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On the 14th of August some Chartists were tried at Chester for conspiracy - namely, George Thompson, Timothy Higgins, James Mitchel, and Charles Davies. The evidence went to show that they had in their possession a considerable quantity of fire-arms, with intent to aid the violent designs of the Chartists. Thompson, a Birmingham gunsmith, had upon his premises several orders for arms, with the following document: - "We hereby agree to become sureties for the payment of all arms sent to Timothy Higgins, at the Bush Inn, Signed, Charles Duke, Peter M'Dowell." The following placard was read, as being found in possession of the prisoner Higgins: -

"Dear Brothers, - Now are the times to try men's souls. Are your arms ready? Have you plenty of powder and shot? Have you screwed up your courage to the sticking point? Do you intend to be free men or slaves? Are you inclined to hope for a fair day's wage for a fair day's work? Ask yourselves these questions, and remember that your safety depends upon the strength of your own right arm. How long are you going to allow your mothers, your wives, your children, and your sweethearts to be for ever toiling for other people's benefit? Nothing can convince tyrants of their folly but gunpowder and steel; so put your trust in God, my boys, and keep your powder dry. Be patient a day or two, but be ready at a moment's warning. No man knows what to-morrow may bring forth. Be ready, then, to nourish the tree of liberty with the blood of tyrants. You can get nothing by cowardice. France is in arms; Poland groans beneath the bloody Russian yoke; and Irishmen pant to enjoy their liberty. Up, then, because the whole world depends upon you for support. If you fail, the working man's sun is set for ever. The operatives of France have again taken possession of the city. Can you remain passive when all the world is in arms? No, brave boys! up with the cap of liberty now or never is the time. When you strike, let it not be with stick or stone; but let the blood of all you suspect moisten the soil of your native land, that you may for ever destroy even the remembrance of poverty and shame."

Then came some doggerel verses -
"In tyrants' blood baptize your sons,
And every villain slaughter;
By pike and sword your freedom try to gain,
Or make one bloody Moscow of old England's plain."

The jury took five minutes only to consider their verdict of guilty against all the prisoners. They were each sentenced to eighteen months' imprisonment, and to find bail at the expiration of that time, themselves in 500, and two sureties in 100 each, for five years.

The Rev. Joseph Rayner Stephens, of Hyde, county of Chester, was tried at the same assizes. The prosecution was conducted by the Attorney-General, and Mr. Stephens defended himself. He was charged with a misdemeanour in attending an unlawful assembly, and exciting those present to a disturbance of the public peace. Many who attended the meeting carried arms, and bore banners with the inscriptions - " Tyrants, believe and tremble; " " Liberty or death; " "Ashton demands universal suffrage or universal vengeance;" " For children and wife, we'll war to the knife." There was also a transparency with the word "Blood." At that meeting the prisoner told the people he had good news for them. "He had been to the barracks," seen the soldiers, and the soldiers would not act against the people." He asked if they had fire-arms, and were ready, and the answer was given by a round of shots. The meeting continued till midnight. The prisoner addressed the jury in a speech which lasted more than five hours, but he called no witnesses. The Attorney-! General replied, and immediately after the conclusion of the judge's charge, the jury found a verdict of " guilty." The court sentenced Mr. Stephens to eighteen months' imprisonment in Knutsford gaol.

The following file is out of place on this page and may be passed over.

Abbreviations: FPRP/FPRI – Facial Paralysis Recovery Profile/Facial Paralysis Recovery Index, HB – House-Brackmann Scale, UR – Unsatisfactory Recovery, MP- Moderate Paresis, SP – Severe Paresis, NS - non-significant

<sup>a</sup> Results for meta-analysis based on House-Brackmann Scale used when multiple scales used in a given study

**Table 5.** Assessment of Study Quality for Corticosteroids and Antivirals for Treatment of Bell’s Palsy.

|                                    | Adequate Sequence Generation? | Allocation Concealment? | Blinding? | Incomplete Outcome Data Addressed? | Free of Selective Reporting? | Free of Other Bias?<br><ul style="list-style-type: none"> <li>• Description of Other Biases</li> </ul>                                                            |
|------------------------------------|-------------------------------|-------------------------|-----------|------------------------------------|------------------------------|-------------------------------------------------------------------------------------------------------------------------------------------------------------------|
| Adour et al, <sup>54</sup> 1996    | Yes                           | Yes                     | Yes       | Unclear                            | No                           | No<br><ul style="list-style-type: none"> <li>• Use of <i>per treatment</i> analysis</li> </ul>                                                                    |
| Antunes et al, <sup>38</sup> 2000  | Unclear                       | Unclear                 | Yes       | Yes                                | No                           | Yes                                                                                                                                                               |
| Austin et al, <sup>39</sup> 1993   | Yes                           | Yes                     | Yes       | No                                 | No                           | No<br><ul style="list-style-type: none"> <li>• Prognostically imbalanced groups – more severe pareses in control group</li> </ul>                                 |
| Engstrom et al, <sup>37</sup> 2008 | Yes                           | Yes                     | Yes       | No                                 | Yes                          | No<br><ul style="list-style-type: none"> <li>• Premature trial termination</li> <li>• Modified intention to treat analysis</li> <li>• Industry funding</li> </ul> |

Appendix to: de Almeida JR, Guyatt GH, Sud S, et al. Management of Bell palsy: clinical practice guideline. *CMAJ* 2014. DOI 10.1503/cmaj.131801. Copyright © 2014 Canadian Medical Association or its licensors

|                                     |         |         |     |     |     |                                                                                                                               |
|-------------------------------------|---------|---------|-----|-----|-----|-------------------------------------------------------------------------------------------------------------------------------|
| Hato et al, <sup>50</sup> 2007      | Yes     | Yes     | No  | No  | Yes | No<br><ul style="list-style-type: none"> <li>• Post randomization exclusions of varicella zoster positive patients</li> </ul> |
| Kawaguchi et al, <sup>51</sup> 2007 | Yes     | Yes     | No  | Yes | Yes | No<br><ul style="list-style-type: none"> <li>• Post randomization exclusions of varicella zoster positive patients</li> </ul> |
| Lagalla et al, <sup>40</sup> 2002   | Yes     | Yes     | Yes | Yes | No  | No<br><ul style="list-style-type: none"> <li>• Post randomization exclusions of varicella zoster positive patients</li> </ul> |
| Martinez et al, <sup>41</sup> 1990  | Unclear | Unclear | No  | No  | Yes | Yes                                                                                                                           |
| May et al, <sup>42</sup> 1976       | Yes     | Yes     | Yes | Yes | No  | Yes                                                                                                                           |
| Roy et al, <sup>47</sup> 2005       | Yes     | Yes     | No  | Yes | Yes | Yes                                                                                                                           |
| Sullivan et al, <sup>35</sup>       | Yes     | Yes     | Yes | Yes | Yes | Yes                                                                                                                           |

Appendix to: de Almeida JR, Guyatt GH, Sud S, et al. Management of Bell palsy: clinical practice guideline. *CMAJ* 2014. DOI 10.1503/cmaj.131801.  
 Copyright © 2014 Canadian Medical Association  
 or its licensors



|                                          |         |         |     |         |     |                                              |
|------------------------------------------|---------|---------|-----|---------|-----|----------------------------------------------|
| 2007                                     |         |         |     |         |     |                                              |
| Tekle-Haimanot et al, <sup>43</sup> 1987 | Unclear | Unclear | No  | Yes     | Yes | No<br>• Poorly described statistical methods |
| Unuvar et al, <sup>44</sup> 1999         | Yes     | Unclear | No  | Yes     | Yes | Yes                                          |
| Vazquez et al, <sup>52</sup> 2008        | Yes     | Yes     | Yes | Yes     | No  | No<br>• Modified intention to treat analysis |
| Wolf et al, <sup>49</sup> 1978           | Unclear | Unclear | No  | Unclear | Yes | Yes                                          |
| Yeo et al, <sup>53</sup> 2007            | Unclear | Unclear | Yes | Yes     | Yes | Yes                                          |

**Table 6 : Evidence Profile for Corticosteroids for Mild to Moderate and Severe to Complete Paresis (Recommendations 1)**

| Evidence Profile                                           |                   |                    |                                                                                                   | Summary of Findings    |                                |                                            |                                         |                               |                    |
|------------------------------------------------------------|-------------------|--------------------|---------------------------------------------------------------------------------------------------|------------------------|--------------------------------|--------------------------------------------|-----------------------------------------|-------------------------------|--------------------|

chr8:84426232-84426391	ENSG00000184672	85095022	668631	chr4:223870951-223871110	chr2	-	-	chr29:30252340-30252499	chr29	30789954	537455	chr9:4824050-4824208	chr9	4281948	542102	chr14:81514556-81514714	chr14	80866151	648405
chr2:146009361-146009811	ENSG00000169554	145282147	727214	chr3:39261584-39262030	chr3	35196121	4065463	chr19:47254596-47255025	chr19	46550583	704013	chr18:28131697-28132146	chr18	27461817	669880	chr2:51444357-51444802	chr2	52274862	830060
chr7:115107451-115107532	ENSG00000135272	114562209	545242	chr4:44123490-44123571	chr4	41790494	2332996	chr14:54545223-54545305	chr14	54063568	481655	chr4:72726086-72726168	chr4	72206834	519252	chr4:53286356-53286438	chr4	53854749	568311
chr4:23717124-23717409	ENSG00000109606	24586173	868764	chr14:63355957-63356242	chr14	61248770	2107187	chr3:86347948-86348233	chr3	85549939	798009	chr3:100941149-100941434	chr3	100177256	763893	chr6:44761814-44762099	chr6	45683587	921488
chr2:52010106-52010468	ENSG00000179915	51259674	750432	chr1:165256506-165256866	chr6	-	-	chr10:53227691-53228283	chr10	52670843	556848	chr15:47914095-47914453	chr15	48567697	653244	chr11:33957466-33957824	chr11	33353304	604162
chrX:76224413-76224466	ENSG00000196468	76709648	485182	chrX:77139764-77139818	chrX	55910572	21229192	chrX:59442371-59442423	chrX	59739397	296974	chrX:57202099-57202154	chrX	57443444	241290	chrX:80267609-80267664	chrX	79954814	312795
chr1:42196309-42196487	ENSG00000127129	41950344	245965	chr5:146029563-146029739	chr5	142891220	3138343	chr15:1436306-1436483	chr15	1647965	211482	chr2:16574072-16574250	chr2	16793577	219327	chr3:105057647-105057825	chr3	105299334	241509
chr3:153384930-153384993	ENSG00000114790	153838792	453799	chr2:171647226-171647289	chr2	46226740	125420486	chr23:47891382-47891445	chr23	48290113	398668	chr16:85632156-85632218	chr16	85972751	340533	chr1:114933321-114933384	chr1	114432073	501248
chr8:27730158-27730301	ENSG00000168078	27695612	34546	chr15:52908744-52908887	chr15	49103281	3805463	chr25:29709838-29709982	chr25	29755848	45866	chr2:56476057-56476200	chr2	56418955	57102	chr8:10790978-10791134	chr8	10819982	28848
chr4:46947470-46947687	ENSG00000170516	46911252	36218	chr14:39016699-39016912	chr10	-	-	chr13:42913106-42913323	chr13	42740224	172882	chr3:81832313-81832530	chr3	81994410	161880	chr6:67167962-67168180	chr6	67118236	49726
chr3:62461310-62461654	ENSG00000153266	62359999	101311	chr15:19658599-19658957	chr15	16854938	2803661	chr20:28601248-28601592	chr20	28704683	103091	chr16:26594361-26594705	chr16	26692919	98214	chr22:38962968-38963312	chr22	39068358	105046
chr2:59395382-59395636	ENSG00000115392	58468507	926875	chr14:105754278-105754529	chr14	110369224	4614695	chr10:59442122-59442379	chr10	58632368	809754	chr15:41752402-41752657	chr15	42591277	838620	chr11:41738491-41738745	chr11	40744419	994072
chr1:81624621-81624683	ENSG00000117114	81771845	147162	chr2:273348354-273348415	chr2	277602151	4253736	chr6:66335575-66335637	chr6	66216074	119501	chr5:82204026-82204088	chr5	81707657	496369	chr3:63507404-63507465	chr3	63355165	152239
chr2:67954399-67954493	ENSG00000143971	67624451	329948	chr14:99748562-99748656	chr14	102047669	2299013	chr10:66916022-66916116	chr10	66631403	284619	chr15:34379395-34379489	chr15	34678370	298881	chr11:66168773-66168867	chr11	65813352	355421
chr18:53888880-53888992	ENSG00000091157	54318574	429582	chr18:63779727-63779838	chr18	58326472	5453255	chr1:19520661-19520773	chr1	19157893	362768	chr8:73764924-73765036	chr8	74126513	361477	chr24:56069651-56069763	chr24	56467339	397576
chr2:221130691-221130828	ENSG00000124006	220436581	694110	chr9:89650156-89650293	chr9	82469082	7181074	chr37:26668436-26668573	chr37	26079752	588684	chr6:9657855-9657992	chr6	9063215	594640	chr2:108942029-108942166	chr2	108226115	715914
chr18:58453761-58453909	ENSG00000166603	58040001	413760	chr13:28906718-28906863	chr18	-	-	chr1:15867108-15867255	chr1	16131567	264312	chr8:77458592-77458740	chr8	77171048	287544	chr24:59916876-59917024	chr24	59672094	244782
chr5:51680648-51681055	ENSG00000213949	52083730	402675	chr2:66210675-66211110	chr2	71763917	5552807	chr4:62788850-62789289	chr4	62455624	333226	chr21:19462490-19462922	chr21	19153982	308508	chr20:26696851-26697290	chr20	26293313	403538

M'Dowell, another Chartist, was convicted at the same assizes, and was sentenced by Baron Gurney to twelve months' imprisonment in Chester Castle; and his companion, named Bradley, was sentenced to eight months. M'Dowell, who was the principal Chartist leader in Lancashire, defended himself with great ability. Among other things, he was charged with uttering the following seditious language: - " They are a bloody set of Whigs for persecuting Stephens. I advise you, men, women, and children of Hyde, to arm, as the people have been doing in other parts of the country. I have been to different parts of the country to enlighten the people; I have been to Sheerness and Chatham, and have advised the people to arm, and take possession of the Tower, with its 200 stand of arms, if they will not grant the people's Charter. Fifty determined men could arm all London. There is plenty of guns in gunsmiths' shops, and they might get thousands of stands of arms by placing their foot against the door. The London Chartists would be ready at three days' notice to meet the people of that district." There was then a cry, " We are ready," and a pistol was fired. The prisoner further said, " The officers of the army and navy, five out of seven, are with you, and the soldiers are getting up petitions in favour of the Charter. Thirty stout-hearted farmers' sons with bill-hooks would do a great deal of execution in a good cause like ours. One stout man with a bill-hook would do as much execution as a scamping fellow in a red jacket, hired for tenpence a day."